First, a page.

A second investing concept I've genuinely learned is that buy and hold can mean forever. I read this from in Fisher's book Common Stocks and Uncommon Profits. What it means is that if a company's prospects grow with the price at any given time, then one should hold the stock until that changes. And if that doesn't change then one should hold on indefinitely. This is more of a growth investing approach but one can argue that growth is part of value. Stocks that used to undershoot can now overshoot beyond my wildest expectations. I've learned this lesson the hard way when I sold Phillip Morris (MO) after 12 years. By then this cigarette company had a PE in the low teens.  Who would have thought that cigarette companies now have PE above 20 and MO would triple in the last 4 years!

Thirdly, I often wonder what drives the market of months or years when it doesn't behave quite rationally. And from watching the market for almost 20 years, I have concluded that often there simply is no rhyme or reason for its behavior. Nobel Laureate Robert Shiller drove this point home to me in his book Irrational Exuberance. He points out example after example of long periods of mispricing in different times and different countries because it is human nature. For example, I've owned MSFT off and on for years while its PE was in the teens. Then, over the last 2 years, it expanded to over 20. This hasn't consistently happened since around 2000.  And I cannot see any significant change to the company's growth prospects.  And I cannot even see any good reason why the market changed its sentiment, other than the fact that investors feel bullish about the market.  The market is quite overpriced but I don't feel more money chasing yield is a good reason for a stock to go up. Or at the very least I don't think I can count on excessive multiple expansion for my gains.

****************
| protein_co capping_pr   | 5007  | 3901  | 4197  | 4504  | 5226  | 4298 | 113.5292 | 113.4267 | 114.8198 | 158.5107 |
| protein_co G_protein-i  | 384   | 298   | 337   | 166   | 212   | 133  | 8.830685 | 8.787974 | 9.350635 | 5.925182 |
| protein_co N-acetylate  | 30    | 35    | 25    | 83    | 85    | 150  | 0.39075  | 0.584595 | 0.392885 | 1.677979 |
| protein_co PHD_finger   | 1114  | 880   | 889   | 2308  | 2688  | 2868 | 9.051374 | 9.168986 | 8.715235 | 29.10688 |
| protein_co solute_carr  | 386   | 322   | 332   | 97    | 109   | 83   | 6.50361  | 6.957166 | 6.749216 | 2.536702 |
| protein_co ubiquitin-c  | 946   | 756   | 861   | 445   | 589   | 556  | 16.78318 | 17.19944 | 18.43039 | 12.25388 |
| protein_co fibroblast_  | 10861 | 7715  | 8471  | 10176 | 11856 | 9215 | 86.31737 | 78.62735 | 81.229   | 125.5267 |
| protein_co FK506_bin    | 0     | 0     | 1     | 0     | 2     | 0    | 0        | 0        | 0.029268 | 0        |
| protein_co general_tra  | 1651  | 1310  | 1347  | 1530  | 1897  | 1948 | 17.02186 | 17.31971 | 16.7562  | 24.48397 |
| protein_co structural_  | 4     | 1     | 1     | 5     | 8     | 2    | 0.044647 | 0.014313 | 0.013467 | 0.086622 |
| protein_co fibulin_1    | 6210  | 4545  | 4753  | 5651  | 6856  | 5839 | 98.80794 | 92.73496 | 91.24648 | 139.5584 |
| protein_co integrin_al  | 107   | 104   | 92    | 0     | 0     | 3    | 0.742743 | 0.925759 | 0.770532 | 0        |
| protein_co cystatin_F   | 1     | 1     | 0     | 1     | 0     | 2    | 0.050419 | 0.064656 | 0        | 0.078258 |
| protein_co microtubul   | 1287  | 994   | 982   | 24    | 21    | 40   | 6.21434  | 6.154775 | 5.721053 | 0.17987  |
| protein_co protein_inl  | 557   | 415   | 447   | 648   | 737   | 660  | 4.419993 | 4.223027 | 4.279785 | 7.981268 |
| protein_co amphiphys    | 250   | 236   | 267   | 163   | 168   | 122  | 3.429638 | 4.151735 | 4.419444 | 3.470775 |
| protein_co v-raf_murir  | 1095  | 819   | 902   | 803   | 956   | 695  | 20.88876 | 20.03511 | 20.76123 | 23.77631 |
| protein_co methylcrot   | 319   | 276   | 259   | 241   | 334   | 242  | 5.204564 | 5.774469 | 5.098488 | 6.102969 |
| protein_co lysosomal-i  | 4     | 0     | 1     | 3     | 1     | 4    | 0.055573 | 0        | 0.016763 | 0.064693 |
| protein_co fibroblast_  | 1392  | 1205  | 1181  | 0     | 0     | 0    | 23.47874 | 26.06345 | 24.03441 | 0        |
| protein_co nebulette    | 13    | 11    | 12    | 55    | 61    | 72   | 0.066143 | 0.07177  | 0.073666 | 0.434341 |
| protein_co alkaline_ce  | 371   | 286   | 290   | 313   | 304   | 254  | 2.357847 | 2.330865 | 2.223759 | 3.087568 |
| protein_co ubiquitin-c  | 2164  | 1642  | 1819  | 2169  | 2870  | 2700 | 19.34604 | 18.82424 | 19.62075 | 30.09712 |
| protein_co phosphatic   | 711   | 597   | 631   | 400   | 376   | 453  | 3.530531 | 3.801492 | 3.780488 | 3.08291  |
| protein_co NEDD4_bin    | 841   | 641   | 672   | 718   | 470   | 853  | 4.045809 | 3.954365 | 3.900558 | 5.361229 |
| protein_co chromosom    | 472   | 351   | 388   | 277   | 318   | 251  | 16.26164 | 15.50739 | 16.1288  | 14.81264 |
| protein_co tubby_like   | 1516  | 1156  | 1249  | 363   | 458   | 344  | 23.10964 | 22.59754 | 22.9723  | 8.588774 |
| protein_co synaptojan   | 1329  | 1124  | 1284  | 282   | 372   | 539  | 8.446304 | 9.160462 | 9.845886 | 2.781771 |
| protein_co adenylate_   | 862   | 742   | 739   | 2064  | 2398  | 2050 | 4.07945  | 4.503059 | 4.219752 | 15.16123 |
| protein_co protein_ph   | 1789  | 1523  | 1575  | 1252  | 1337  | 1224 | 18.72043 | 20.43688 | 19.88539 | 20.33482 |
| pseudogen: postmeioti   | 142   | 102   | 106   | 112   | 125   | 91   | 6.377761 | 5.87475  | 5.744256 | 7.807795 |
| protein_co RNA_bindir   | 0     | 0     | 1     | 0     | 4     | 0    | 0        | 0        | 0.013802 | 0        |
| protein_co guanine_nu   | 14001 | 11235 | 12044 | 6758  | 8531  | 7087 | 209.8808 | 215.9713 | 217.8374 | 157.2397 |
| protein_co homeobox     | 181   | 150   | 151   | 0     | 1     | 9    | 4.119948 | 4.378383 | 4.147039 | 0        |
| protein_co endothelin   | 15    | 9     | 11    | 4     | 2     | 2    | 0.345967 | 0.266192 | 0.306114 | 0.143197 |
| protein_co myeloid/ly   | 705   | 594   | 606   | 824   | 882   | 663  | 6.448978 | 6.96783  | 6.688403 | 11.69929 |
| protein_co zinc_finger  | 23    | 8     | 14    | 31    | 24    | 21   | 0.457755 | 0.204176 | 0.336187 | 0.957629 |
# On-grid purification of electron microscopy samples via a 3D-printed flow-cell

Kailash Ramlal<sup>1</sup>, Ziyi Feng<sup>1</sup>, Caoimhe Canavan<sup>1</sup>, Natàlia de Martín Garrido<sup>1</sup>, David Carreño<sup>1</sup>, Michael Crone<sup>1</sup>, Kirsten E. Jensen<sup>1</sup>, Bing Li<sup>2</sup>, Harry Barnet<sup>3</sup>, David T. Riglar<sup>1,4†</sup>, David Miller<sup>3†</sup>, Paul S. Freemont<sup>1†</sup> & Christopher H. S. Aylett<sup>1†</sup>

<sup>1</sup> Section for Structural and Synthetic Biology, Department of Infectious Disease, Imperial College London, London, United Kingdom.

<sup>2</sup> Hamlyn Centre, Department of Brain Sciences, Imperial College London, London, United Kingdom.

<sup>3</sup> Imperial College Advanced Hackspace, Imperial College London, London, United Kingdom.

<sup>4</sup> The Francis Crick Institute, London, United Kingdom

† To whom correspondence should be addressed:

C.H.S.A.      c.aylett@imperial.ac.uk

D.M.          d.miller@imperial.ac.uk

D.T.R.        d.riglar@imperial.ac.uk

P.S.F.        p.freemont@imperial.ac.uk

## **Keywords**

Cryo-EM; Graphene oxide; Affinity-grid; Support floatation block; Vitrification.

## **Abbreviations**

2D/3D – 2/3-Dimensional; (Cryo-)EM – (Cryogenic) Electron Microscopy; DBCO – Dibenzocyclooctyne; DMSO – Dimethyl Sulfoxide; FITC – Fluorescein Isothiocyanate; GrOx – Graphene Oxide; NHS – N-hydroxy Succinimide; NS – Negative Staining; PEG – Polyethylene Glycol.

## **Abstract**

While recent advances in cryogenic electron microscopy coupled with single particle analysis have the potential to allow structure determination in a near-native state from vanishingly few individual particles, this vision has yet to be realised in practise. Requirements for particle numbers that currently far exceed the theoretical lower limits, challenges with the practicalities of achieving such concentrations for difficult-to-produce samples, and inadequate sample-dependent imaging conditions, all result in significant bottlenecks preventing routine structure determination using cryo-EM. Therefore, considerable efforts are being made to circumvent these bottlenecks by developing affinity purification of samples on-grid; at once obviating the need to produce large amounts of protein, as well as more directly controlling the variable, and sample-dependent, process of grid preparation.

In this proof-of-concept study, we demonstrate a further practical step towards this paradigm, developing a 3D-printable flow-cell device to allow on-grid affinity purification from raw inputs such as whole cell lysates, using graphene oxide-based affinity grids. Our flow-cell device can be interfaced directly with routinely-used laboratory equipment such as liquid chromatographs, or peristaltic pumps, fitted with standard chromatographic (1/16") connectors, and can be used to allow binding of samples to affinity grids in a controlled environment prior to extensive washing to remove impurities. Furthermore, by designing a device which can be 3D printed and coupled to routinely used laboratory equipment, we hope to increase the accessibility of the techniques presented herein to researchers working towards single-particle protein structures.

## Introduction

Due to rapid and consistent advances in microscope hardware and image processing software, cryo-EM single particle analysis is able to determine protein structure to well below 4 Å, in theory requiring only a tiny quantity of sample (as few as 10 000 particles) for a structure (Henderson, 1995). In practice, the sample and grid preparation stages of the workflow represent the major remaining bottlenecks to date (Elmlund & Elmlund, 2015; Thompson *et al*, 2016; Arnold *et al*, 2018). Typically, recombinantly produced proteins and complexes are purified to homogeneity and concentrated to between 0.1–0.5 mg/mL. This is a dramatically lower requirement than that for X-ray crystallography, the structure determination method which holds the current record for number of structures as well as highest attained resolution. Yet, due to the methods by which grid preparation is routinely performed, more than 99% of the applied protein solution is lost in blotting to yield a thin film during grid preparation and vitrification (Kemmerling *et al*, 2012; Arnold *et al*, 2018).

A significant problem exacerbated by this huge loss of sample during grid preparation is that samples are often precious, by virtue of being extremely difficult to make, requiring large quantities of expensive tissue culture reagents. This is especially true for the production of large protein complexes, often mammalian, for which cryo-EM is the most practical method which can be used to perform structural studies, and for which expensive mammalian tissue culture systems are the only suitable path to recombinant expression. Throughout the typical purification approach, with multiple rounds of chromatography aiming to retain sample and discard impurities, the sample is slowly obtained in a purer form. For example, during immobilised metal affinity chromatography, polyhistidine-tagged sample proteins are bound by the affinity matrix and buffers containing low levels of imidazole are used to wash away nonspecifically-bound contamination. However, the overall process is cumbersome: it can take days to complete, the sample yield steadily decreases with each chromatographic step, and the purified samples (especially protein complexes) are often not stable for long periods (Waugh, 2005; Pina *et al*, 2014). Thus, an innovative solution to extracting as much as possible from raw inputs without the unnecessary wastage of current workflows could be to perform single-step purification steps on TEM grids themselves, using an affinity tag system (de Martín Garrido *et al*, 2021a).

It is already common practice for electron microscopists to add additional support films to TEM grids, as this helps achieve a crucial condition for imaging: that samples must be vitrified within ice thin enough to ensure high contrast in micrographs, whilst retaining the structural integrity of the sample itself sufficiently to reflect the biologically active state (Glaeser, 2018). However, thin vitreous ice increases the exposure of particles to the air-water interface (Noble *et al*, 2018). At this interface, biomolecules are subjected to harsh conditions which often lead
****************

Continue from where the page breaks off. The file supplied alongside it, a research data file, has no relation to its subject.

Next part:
The same anomaly can occur in the negative direction. Entire markets can be depressed for as long as a decade. I am not referring to Japan, which one can argue is depressed for good reason. But the Hong Kong market should be much higher because it's price to book ratios are extremely low. And Hong Kong does not have the demographic problems that plague Japan. That gives the Hong Kong investor like me a huge margin of safety.  And I hope this margin of safety will give an edge over other investors who may not be inclined to invest in such markets.  I am also buying and waiting for multiples to revert to more normal values in other markets like Russia.

Fourthly, while concentration is needed to maximize gains, don't overdo it! The concentration argument is that one should bet big when one has conviction. Extreme concentration is warranted only in a few types of situations. For example when Charlie Munger levered to buy BCP, or when Warren Buffett bought the Washington Post.  In the first example, Munger was waiting for the outcome of an impending court decision which would either determine if he breaks even or makes a profit. In the second, the Washinging Post was a diversified media company with many assets which are spread out in different media and different locations. And he knew he could get an offer on those properties if they were for sale. And the Washington Post was selling for a fraction of book.